Grasshoppers are native to much of the rangeland along the Central Coast. The adults lay eggs in early to mid-summer and die. The eggs survive the winter and hatch in spring as temperatures (day degrees) accumulate. The young feed on native grasses until they dry up, at which time the nymphs start to migrate (crawl) in search of anything green. Persons who live in or on the edge of grasslands should take an occasional mid-day walk into the grass and make observations of the grasshopper activity at their feet. Young hoppers cannot fly, but they can crawl and hop, and they will migrate by the thousands when lack of food stimulates a migration. Most of us have seen such events on TV, never thinking it could happen here!! The grasshoppers are not as big as the ones on TV, but their destructive potential is still mighty.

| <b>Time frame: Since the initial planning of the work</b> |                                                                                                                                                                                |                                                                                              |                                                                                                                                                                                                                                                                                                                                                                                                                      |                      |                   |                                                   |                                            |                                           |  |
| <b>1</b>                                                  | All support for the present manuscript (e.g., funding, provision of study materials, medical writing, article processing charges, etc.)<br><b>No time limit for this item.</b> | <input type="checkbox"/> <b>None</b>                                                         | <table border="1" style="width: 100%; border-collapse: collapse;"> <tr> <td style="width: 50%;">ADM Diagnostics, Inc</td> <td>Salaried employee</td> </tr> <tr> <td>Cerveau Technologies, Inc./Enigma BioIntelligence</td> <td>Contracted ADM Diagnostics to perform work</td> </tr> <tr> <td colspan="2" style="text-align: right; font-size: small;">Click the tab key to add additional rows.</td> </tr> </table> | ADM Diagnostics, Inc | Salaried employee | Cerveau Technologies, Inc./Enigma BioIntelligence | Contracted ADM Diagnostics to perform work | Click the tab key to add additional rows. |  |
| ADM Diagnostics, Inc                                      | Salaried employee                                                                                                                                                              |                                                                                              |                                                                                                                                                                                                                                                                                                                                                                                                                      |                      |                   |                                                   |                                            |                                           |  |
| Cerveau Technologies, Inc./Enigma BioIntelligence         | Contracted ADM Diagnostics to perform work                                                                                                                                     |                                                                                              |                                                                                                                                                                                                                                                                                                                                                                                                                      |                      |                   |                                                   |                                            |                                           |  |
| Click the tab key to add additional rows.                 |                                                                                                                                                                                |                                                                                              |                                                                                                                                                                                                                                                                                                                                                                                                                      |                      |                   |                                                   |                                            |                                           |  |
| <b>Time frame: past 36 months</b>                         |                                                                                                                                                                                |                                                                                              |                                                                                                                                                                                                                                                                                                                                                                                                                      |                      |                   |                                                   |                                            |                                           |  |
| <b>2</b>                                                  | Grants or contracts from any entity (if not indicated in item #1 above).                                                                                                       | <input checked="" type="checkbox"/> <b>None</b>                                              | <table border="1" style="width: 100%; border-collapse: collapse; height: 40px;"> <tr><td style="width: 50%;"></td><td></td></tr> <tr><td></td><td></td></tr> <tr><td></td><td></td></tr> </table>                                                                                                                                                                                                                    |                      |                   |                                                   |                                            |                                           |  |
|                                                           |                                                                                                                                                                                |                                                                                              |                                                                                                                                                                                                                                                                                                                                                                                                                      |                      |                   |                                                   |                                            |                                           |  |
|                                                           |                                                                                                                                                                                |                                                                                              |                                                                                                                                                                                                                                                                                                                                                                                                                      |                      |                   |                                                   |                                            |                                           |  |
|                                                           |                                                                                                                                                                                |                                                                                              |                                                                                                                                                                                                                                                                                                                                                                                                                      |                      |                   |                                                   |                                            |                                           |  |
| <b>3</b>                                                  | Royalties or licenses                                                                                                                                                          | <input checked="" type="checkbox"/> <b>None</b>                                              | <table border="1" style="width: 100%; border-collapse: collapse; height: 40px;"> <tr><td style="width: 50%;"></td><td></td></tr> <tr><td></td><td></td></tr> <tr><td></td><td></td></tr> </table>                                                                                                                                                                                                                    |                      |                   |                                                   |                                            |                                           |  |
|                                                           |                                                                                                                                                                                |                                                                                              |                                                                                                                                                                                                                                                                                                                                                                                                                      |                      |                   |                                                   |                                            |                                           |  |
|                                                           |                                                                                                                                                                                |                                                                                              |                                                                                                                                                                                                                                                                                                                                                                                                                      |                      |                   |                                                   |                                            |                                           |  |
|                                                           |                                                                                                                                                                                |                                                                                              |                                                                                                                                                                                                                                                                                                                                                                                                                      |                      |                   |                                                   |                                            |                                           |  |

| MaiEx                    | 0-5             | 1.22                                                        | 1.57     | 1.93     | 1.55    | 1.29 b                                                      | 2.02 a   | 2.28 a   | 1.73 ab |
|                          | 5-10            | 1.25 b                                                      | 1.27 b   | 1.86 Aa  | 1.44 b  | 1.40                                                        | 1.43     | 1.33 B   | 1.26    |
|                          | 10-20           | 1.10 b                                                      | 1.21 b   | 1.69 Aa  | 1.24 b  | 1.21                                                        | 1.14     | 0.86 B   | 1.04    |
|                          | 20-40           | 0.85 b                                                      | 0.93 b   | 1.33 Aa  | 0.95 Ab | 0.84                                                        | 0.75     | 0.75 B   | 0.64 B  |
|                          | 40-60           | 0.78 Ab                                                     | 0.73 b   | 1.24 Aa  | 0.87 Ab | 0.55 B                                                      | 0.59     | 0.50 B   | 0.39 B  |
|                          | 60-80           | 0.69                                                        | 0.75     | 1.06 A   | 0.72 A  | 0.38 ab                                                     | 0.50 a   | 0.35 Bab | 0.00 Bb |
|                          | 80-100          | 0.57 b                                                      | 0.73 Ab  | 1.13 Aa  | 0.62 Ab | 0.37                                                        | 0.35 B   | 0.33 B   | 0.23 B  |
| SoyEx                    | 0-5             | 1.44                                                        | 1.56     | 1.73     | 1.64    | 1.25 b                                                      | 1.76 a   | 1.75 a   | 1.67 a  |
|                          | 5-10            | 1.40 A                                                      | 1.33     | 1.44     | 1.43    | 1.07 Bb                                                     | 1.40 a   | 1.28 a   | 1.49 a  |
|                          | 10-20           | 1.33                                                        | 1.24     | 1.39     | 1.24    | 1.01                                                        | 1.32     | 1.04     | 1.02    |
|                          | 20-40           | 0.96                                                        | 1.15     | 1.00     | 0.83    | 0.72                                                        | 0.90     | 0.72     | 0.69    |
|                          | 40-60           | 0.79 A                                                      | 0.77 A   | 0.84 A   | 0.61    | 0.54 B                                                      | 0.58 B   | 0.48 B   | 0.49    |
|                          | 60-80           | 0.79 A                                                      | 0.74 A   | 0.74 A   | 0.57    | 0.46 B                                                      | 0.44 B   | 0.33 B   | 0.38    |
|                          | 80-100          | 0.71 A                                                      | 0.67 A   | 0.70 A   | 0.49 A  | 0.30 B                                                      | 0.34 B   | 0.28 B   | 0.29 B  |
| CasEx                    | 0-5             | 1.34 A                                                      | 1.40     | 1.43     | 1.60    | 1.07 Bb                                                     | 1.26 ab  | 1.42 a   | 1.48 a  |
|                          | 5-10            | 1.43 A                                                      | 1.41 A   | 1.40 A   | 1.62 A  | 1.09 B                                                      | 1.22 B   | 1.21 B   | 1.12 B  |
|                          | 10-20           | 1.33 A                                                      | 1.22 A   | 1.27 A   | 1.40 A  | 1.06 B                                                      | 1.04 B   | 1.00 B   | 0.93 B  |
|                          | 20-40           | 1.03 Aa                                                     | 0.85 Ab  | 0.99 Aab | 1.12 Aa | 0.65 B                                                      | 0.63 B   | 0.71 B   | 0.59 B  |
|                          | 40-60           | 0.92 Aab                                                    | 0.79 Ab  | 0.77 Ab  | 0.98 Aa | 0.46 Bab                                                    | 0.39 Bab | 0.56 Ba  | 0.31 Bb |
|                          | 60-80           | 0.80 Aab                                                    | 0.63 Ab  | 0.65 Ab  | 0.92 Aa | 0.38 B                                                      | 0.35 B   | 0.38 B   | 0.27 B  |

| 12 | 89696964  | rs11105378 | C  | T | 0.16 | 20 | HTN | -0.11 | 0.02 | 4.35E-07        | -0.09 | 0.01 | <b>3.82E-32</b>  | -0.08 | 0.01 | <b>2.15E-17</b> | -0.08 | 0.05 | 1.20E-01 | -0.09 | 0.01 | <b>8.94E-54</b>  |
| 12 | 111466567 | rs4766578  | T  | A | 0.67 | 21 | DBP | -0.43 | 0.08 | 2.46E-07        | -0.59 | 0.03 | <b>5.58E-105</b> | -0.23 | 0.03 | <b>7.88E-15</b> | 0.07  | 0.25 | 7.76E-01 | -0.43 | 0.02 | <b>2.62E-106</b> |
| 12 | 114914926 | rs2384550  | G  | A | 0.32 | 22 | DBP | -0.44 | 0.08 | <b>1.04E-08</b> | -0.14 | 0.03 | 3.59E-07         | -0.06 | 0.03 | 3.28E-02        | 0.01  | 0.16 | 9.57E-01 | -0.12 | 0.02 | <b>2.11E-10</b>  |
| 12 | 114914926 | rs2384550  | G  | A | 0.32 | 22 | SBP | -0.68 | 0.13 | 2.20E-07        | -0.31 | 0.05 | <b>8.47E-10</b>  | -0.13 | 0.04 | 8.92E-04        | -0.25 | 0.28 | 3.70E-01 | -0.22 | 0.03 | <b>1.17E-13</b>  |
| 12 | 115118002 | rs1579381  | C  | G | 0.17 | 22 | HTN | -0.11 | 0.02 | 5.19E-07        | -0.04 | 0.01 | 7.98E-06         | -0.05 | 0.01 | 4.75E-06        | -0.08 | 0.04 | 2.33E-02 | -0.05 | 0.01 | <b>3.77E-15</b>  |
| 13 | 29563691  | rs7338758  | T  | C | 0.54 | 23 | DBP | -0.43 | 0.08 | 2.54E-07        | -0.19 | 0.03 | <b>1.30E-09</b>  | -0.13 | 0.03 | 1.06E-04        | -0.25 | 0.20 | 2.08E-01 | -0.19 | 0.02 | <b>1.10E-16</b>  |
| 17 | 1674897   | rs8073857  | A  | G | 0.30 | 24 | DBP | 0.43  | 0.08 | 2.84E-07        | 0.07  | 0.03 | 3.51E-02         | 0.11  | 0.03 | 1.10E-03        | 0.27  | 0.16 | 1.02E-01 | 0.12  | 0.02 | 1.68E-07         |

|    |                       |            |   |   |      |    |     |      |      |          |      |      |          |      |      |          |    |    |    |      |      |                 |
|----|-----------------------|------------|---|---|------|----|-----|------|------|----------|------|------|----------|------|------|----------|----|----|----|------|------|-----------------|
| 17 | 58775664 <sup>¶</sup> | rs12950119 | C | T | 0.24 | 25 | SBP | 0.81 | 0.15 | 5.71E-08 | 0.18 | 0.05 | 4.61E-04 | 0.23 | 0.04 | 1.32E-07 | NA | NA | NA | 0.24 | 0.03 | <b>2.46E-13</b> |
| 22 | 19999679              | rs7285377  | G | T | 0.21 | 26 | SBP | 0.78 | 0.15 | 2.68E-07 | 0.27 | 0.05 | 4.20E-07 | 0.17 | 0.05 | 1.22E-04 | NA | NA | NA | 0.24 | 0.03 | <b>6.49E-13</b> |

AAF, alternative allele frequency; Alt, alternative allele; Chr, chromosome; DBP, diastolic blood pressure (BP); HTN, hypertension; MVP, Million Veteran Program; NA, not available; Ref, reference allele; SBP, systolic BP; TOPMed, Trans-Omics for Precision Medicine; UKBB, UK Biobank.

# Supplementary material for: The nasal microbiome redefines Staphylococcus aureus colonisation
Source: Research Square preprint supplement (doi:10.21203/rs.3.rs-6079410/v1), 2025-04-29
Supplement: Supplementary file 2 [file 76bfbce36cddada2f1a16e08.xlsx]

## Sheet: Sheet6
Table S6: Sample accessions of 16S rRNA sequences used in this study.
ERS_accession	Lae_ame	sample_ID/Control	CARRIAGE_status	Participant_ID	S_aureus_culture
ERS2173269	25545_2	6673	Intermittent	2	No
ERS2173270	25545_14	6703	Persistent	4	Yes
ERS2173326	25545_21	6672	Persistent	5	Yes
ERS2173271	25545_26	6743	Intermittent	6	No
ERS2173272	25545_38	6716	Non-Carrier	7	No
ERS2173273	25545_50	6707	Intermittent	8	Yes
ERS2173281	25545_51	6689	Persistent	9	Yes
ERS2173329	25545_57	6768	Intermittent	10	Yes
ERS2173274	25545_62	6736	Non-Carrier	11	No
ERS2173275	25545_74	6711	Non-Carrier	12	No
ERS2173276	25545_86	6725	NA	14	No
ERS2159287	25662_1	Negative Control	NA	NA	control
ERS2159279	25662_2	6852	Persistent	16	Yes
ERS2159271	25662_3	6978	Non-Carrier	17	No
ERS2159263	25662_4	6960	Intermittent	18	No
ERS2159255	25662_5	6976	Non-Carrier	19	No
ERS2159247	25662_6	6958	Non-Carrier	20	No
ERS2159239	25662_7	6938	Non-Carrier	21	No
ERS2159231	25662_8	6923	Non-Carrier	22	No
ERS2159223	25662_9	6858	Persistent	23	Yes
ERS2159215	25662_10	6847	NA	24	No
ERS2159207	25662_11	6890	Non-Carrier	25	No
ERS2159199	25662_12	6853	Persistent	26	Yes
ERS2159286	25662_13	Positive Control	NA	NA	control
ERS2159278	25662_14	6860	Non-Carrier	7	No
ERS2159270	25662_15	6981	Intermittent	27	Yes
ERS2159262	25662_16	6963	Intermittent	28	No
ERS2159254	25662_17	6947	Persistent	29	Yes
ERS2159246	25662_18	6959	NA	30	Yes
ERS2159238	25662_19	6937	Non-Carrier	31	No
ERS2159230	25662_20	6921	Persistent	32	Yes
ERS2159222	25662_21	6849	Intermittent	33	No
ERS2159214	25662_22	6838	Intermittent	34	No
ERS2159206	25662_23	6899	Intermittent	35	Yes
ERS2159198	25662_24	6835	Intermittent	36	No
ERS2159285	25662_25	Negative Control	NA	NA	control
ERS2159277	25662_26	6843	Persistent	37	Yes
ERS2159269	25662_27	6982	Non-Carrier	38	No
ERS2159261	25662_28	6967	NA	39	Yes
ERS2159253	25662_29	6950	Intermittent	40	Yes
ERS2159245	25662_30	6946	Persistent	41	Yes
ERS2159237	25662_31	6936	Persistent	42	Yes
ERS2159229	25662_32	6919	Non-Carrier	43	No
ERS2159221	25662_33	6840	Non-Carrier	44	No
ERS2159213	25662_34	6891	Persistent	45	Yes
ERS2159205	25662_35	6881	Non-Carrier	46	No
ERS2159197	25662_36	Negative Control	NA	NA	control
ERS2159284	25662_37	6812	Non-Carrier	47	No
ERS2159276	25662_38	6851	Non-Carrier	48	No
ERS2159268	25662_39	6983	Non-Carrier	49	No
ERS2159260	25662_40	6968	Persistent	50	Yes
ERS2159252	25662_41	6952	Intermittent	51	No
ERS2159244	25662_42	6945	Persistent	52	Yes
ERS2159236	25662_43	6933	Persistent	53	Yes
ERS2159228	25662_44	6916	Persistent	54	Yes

What can be done? If immature grasshoppers begin to migrate, they can at times be stopped or at least slowed down by baits and sprays. Baits are best because they can be applied ahead of the migration, and the hoppers will consume them and die as they move across an area. Sprays have to make contact with the hopper to be very effective. Plants that need to be protected can be sprayed, but some damage will occur while the hoppers are eating enough of the plant to get a stomach ache and die.
A band of bait – 10 – 20 feet wide – should be laid down in front of the migrating grasshopper nymphs. The baits may be scattered with a broadcast fertilizer spreader or similar implement. Apply spray directly on the hoppers and/or on the plants you hope to protect. Spraying is usually less effective than baits. However, baits are only effective against immature (cannot fly yet) grasshoppers. Once they have wings, they can and will fly over the bait making it virtually ineffective.